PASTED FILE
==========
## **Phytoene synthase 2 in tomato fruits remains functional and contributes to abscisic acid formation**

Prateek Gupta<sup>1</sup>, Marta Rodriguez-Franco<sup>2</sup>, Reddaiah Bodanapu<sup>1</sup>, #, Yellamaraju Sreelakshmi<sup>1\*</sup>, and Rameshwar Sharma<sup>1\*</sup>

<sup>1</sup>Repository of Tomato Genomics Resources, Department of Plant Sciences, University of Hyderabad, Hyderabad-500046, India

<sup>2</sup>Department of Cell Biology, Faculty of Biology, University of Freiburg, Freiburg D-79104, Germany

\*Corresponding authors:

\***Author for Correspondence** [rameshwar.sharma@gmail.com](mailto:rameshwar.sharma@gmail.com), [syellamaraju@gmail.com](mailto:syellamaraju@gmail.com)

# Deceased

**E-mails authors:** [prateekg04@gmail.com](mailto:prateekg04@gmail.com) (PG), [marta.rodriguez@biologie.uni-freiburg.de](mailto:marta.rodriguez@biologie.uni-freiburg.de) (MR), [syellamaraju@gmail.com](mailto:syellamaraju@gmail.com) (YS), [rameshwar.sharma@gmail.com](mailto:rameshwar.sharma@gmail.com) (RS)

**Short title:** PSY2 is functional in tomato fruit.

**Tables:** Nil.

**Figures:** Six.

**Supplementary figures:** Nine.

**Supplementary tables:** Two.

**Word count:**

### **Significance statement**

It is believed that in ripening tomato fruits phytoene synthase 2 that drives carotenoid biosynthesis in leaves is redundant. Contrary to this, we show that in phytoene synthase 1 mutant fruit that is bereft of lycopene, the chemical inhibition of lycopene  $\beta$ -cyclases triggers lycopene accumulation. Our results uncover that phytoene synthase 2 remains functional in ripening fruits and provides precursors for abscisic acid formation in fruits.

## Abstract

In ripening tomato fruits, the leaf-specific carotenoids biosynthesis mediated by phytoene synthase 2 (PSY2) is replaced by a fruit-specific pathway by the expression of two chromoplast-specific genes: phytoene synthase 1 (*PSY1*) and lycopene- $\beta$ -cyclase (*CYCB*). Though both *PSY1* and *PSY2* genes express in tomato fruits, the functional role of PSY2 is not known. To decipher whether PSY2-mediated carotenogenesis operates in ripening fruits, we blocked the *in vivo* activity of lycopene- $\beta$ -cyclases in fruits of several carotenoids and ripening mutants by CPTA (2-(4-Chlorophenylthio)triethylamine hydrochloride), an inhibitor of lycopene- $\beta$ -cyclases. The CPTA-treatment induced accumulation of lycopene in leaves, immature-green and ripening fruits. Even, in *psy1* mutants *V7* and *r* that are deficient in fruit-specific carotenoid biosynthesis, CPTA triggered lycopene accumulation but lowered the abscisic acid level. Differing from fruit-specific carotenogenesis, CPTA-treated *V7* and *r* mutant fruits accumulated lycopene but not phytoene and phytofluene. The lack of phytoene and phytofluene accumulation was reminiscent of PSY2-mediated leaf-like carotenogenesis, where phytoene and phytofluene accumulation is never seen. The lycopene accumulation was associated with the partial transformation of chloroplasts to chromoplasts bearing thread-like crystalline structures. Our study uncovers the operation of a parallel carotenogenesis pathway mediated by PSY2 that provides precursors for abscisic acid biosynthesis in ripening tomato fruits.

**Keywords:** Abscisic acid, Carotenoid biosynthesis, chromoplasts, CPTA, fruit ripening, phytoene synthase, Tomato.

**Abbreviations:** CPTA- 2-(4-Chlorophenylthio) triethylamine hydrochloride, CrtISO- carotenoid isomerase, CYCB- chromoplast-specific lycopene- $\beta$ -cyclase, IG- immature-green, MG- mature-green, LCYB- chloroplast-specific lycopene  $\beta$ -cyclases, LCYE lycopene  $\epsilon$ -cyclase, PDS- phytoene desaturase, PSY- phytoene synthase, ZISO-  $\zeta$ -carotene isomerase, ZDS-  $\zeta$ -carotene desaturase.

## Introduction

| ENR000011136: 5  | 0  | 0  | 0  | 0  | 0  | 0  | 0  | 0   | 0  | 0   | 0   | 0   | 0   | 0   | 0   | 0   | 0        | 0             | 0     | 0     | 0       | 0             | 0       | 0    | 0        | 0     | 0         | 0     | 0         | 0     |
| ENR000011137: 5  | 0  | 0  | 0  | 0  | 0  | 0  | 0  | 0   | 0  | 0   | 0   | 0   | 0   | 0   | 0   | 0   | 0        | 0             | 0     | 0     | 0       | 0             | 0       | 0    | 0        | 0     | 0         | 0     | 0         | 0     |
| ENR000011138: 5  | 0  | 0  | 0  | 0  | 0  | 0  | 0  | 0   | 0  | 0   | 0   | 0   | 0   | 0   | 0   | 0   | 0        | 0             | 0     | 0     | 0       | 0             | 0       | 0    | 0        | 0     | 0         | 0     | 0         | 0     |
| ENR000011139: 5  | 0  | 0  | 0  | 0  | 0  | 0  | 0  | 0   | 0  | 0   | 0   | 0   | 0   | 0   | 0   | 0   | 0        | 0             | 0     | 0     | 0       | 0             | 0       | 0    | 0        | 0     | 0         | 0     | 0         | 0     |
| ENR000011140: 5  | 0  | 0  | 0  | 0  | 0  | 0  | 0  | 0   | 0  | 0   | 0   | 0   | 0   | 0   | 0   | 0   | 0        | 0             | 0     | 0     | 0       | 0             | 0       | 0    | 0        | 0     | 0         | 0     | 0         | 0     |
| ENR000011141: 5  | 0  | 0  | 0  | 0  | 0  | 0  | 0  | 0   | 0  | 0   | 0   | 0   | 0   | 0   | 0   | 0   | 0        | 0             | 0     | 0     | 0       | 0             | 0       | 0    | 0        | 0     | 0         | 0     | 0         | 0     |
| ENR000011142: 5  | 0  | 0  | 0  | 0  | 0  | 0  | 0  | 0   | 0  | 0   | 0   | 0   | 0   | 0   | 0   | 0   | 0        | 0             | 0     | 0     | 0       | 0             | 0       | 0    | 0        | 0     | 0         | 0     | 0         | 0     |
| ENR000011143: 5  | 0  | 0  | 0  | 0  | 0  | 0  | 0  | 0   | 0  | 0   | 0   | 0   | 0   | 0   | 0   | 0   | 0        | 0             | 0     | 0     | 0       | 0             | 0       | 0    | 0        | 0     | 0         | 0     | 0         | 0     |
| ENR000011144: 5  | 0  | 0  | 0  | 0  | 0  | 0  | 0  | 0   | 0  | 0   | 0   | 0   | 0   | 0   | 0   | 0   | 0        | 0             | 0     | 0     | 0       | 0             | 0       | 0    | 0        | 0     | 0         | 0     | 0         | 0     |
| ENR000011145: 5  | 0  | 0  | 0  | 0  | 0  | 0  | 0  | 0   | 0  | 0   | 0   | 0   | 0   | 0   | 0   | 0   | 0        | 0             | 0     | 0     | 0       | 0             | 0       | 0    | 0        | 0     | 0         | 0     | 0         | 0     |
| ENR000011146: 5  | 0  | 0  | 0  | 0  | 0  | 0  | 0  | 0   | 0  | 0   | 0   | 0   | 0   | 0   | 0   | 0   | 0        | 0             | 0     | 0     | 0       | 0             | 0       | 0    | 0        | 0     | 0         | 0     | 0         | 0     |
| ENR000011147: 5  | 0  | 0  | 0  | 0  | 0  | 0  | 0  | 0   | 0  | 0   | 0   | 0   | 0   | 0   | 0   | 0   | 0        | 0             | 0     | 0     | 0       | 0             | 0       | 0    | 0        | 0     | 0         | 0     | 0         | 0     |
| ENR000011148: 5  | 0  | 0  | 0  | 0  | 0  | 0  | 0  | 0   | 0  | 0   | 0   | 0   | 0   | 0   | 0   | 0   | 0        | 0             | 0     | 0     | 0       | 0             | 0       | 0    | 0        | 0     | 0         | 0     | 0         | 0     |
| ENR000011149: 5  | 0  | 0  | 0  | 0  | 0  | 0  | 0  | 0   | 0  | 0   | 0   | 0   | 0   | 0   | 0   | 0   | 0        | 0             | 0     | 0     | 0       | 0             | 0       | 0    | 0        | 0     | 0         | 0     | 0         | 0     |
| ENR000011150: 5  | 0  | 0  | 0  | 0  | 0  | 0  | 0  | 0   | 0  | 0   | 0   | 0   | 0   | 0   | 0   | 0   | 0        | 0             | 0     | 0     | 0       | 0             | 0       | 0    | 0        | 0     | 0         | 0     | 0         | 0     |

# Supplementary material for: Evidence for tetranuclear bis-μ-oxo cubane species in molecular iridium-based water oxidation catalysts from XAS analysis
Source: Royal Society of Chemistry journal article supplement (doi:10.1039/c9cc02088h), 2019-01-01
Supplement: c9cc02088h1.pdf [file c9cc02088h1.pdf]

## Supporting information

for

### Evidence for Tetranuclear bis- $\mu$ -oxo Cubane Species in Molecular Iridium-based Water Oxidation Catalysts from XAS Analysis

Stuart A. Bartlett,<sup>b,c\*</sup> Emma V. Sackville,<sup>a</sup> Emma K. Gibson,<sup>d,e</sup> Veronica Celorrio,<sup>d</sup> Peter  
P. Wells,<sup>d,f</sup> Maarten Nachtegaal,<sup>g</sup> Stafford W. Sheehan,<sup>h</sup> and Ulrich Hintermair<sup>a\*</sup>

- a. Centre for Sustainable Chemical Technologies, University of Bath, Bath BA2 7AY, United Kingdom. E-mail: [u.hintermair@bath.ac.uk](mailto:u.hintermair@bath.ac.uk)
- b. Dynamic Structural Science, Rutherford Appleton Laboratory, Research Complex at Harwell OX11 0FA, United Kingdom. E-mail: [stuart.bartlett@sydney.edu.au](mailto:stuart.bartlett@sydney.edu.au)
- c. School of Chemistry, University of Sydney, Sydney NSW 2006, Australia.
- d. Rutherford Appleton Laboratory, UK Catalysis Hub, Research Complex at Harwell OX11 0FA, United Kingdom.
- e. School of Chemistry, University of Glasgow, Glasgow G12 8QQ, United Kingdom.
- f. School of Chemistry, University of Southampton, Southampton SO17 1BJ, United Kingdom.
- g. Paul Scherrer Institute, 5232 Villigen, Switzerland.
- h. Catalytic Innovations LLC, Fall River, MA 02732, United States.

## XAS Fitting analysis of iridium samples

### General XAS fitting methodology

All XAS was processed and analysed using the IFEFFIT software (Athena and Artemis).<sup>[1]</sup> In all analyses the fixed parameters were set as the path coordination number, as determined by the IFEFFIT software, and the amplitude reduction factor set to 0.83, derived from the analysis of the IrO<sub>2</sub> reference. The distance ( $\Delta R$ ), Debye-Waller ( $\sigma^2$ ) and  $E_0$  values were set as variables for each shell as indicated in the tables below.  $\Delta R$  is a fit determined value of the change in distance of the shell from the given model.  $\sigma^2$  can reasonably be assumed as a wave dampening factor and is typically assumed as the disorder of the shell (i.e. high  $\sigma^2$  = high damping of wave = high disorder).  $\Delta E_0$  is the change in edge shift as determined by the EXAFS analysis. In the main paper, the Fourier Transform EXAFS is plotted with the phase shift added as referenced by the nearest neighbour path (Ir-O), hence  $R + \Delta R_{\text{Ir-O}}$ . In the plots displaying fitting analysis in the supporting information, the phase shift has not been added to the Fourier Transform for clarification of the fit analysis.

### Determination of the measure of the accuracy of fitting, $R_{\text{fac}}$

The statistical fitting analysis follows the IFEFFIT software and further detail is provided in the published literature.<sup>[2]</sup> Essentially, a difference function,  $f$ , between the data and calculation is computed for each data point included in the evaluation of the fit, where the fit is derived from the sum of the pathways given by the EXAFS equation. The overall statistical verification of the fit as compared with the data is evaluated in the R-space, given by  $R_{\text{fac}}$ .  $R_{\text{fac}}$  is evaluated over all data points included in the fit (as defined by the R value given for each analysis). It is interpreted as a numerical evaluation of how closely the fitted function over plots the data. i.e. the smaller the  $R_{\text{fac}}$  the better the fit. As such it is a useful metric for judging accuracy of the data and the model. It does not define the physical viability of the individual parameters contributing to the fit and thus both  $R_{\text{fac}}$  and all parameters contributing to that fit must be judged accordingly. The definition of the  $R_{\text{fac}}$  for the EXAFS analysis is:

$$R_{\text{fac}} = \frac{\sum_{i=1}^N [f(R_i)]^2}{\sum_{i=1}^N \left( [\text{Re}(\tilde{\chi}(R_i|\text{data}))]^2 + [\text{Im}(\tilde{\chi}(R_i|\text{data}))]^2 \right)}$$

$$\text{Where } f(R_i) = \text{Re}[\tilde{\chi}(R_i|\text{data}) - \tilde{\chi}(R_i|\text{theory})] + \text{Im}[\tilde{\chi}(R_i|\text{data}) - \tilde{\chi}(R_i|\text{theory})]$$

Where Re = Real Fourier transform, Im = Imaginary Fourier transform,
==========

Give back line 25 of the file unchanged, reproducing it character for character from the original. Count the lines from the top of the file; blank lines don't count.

| ENR000011139: 5  | 0  | 0  | 0  | 0  | 0  | 0  | 0  | 0   | 0  | 0   | 0   | 0   | 0   | 0   | 0   | 0   | 0        | 0             | 0     | 0     | 0       | 0             | 0       | 0    | 0        | 0     | 0         | 0     | 0         | 0     |